Peter Pan’s son flies off to save Never Never Land from Capt. Hook in this painfully mirthless sequel.
J.M. Barrie—who wrote Peter Pan in 1904—filled his now-classic work with nuanced characters, vivid scenery, and timeless themes, which continue to fascinate generations of filmmakers, artists, and writers. Flying in Never Land requires faith as much as fairy dust, and any author seeking inclusion in Barrie’s canon should believe in the established characters enough to explore their complexities even while introducing new faces. Rosenthal’s effort, in which Peter’s 12-year-old-son, Thomas P. Pandora, assumes his father’s mantle, sacrifices character development in favor of a generic fast-paced adventure narrative laden with dreary dialogue. The result is a spiritless drama that plays fast and loose with facts established in Barrie’s version—Hook is a former “gypsy” (as though Peter Pan weren’t problematic enough), and Never Land ages children!?—rendering beloved characters unrecognizable and new additions woefully flat. Dispatching Peter (who grows up, changes his name, marries, and becomes a California yoga instructor) from the narrative by transforming him into an overprotective grown-up incapable of comprehending his angst-ridden son is as disrespectful a bit of storytelling as it is disingenuous. Appearances by Hook, Tinkerbell, and Tiger Lily merely reinforce this story’s anemic treatment of the original’s magic formula.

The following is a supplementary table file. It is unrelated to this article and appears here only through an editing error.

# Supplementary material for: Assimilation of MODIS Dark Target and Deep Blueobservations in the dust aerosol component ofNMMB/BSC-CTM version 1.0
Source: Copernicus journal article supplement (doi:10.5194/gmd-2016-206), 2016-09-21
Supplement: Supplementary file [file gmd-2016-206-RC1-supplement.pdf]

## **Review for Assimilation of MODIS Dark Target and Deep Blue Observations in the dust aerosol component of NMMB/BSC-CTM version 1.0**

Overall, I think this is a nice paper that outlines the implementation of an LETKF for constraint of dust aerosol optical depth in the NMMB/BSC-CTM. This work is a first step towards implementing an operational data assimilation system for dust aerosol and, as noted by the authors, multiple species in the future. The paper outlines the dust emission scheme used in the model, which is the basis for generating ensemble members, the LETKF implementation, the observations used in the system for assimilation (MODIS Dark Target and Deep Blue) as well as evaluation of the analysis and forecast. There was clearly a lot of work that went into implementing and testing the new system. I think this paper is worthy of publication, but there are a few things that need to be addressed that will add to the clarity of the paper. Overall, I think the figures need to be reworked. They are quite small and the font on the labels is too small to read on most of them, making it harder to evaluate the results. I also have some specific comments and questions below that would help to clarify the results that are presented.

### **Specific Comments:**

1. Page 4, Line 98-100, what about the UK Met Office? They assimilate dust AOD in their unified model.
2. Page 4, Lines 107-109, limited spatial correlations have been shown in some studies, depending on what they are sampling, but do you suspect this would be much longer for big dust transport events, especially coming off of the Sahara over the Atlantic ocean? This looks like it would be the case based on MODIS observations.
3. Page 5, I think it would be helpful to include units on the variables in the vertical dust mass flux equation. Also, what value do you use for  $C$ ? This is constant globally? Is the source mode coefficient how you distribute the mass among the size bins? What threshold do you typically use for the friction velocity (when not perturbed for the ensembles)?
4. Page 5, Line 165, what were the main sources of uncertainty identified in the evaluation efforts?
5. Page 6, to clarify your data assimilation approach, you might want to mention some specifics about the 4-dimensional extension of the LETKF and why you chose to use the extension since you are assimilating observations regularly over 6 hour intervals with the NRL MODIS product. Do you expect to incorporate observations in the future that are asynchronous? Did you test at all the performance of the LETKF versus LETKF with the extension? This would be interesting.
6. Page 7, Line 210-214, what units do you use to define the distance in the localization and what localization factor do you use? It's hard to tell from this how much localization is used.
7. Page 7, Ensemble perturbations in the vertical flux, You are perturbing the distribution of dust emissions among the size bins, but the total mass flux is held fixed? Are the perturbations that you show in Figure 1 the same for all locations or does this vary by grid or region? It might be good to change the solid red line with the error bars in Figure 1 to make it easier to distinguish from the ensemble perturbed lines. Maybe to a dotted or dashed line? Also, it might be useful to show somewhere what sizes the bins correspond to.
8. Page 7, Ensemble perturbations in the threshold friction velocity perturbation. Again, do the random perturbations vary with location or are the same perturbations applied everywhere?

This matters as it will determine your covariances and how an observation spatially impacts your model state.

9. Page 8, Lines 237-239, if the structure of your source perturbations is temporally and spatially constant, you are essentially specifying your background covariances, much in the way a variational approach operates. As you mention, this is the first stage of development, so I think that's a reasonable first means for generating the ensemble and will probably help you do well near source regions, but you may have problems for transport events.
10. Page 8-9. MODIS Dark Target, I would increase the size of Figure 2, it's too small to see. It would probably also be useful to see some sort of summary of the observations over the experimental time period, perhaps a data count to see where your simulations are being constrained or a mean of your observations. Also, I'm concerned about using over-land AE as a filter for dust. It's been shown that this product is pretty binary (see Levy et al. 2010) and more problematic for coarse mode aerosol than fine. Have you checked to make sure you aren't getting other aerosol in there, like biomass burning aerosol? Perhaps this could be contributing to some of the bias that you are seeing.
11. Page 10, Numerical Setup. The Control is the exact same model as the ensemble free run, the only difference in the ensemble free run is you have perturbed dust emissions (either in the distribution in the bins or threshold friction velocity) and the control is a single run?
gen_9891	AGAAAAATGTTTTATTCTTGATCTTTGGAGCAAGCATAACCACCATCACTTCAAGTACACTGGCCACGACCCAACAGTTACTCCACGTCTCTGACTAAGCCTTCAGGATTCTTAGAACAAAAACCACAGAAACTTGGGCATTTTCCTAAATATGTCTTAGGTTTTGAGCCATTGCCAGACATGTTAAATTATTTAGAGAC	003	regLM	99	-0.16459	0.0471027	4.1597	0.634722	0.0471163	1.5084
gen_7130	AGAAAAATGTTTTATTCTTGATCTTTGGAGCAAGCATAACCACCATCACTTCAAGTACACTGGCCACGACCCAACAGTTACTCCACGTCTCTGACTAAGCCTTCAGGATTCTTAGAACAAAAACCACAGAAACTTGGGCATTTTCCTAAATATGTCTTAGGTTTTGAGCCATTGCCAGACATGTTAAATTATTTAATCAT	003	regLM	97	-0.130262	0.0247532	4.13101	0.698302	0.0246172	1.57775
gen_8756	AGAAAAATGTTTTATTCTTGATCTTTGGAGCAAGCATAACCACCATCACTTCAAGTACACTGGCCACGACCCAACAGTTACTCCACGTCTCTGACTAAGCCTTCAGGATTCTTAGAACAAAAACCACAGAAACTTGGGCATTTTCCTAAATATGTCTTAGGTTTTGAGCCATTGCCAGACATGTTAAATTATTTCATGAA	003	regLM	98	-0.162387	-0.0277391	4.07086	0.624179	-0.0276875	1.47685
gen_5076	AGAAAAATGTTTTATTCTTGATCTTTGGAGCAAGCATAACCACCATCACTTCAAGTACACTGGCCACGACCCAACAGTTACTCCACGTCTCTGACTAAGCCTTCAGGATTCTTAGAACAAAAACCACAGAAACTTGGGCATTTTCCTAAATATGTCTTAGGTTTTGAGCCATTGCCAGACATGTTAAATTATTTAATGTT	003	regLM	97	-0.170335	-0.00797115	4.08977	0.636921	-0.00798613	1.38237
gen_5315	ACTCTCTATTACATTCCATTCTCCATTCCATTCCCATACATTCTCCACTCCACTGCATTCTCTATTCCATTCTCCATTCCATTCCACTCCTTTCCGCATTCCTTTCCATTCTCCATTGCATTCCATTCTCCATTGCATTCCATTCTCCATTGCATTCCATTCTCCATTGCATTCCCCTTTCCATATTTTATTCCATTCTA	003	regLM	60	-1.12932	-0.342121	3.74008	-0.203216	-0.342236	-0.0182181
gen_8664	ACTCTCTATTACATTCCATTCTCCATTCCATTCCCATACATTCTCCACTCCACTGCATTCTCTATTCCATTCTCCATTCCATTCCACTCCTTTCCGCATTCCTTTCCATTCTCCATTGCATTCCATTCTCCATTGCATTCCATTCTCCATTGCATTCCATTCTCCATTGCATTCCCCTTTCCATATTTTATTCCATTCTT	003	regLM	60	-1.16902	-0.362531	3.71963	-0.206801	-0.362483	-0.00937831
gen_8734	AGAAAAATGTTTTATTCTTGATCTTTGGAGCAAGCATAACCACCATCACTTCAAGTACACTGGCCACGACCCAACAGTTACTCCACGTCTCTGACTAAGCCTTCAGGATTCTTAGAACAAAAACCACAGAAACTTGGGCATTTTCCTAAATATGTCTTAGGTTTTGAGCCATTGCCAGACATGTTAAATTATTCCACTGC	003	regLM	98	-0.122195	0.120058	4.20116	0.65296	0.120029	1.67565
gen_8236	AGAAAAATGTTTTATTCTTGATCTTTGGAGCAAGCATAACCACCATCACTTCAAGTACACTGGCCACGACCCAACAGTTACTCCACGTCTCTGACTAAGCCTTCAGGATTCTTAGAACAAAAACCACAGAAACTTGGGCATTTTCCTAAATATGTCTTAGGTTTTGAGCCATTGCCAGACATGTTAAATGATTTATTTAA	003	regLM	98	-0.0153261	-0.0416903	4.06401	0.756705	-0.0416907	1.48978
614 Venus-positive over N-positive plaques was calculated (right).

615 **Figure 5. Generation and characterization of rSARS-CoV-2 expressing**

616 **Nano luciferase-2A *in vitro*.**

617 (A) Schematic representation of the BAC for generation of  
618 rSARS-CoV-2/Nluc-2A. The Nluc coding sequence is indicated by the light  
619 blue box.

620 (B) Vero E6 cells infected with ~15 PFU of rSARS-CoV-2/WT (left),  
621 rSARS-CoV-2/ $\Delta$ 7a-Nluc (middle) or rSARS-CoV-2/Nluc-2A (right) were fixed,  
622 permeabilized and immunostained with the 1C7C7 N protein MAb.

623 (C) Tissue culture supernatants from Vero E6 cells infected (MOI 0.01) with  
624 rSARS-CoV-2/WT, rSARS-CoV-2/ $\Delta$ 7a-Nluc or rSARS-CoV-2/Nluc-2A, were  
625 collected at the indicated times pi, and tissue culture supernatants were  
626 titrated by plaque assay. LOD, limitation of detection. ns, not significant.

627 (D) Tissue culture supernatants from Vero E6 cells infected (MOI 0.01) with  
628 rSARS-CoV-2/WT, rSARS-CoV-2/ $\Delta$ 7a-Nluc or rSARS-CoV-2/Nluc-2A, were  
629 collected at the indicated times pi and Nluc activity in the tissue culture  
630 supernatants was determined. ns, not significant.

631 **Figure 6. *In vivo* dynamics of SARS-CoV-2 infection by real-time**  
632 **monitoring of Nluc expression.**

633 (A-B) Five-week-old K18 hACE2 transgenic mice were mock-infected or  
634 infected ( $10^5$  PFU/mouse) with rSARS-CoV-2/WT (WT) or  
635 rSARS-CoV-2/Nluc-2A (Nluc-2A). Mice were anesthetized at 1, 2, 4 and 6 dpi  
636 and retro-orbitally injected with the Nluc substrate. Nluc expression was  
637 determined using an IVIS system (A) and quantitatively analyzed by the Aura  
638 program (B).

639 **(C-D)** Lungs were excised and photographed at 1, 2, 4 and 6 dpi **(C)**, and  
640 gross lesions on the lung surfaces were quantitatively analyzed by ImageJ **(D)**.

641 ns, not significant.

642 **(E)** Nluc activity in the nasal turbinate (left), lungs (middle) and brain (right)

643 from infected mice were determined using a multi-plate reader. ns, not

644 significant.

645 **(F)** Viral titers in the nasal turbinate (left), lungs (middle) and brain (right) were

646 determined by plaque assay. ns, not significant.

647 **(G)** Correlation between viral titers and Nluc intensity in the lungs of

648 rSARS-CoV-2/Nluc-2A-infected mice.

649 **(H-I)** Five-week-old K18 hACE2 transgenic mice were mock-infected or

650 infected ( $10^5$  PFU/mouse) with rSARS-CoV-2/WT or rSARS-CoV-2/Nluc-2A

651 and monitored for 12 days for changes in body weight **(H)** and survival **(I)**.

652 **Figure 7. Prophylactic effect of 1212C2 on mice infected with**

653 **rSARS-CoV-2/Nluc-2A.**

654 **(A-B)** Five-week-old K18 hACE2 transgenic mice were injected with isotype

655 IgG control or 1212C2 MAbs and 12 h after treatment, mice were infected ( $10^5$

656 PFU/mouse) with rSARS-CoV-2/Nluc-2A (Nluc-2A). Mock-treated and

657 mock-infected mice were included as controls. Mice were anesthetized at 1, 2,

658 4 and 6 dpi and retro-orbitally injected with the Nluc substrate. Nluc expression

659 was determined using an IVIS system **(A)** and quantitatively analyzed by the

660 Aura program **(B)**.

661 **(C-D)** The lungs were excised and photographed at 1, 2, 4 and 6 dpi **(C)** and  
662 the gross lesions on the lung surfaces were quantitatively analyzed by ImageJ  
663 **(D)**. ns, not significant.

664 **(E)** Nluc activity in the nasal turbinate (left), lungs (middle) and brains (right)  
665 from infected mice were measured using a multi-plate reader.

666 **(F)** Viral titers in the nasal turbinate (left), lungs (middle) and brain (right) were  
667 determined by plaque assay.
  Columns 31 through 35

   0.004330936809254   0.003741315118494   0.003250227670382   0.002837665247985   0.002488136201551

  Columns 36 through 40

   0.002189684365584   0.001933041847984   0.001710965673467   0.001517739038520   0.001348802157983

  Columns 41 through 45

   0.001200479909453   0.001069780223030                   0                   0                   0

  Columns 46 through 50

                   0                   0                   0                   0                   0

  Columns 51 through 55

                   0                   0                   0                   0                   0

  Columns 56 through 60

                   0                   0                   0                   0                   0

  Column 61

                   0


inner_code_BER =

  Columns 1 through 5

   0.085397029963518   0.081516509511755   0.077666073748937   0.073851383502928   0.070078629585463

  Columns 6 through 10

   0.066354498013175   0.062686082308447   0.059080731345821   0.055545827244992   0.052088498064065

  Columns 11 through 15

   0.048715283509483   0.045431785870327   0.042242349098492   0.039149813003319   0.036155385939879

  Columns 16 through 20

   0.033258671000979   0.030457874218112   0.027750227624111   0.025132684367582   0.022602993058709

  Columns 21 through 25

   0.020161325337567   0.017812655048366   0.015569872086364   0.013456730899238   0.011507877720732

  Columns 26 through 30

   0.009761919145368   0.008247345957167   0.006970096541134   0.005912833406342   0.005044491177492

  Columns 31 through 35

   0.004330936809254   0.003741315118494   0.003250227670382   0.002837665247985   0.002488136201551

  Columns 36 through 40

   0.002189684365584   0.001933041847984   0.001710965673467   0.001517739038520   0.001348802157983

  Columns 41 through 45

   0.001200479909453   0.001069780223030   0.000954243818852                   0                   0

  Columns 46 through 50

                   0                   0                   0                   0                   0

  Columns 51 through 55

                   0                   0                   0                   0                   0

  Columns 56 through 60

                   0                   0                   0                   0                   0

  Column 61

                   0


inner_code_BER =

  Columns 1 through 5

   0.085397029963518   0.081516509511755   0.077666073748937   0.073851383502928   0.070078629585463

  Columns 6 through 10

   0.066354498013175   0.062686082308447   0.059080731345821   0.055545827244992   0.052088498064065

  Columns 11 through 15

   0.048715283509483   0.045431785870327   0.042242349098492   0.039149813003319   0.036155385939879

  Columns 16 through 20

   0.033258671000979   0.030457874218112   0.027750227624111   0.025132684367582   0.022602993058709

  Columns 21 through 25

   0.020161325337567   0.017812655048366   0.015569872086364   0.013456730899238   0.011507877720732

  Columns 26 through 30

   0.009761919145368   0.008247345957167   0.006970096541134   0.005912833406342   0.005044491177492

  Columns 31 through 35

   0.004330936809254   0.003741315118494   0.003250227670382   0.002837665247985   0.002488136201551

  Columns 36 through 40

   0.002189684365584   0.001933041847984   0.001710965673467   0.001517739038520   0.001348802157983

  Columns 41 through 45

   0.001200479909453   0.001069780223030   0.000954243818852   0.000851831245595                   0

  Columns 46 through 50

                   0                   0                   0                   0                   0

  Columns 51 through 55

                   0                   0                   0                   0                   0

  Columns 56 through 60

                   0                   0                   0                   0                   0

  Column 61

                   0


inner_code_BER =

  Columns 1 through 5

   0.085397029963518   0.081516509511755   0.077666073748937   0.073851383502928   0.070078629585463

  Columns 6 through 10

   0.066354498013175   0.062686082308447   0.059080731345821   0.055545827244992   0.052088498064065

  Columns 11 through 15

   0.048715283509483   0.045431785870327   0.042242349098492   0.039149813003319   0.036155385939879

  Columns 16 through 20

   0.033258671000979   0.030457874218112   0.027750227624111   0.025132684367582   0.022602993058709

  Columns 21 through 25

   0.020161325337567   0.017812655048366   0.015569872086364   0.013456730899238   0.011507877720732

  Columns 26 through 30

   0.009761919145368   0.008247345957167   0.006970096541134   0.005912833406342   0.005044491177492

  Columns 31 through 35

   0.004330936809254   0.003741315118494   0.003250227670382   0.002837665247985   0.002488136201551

A tale so devoid of wonder that no amount of clapping can breathe life into it. (Fantasy. 14-18)